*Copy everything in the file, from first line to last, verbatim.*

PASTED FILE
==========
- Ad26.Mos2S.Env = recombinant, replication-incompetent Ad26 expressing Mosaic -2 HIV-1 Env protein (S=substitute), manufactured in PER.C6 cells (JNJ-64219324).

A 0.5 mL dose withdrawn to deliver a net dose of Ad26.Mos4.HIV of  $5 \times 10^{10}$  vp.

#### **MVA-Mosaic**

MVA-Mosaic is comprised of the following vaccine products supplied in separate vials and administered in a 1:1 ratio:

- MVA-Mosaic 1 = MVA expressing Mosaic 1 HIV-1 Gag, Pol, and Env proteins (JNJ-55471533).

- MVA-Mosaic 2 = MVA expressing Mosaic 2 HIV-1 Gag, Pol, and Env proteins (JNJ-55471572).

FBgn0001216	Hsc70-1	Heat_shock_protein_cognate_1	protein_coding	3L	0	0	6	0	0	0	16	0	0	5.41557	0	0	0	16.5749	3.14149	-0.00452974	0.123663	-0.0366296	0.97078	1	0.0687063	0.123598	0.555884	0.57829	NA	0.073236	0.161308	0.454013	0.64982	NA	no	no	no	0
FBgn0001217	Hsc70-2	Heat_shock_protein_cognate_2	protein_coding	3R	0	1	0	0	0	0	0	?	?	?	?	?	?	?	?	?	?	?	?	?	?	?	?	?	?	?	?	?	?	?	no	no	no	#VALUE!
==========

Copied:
- Ad26.Mos2S.Env = recombinant, replication-incompetent Ad26 expressing Mosaic -2 HIV-1 Env protein (S=substitute), manufactured in PER.C6 cells (JNJ-64219324).

A 0.5 mL dose withdrawn to deliver a net dose of Ad26.Mos4.HIV of  $5 \times 10^{10}$  vp.

#### **MVA-Mosaic**

MVA-Mosaic is comprised of the following vaccine products supplied in separate vials and administered in a 1:1 ratio:

- MVA-Mosaic 1 = MVA expressing Mosaic 1 HIV-1 Gag, Pol, and Env proteins (JNJ-55471533).

- MVA-Mosaic 2 = MVA expressing Mosaic 2 HIV-1 Gag, Pol, and Env proteins (JNJ-55471572).

FBgn0001216	Hsc70-1	Heat_shock_protein_cognate_1	protein_coding	3L	0	0	6	0	0	0	16	0	0	5.41557	0	0	0	16.5749	3.14149	-0.00452974	0.123663	-0.0366296	0.97078	1	0.0687063	0.123598	0.555884	0.57829	NA	0.073236	0.161308	0.454013	0.64982	NA	no	no	no	0
FBgn0001217	Hsc70-2	Heat_shock_protein_cognate_2	protein_coding	3R	0	1	0	0	0	0	0	?	?	?	?	?	?	?	?	?	?	?	?	?	?	?	?	?	?	?	?	?	?	?	no	no	no	#VALUE!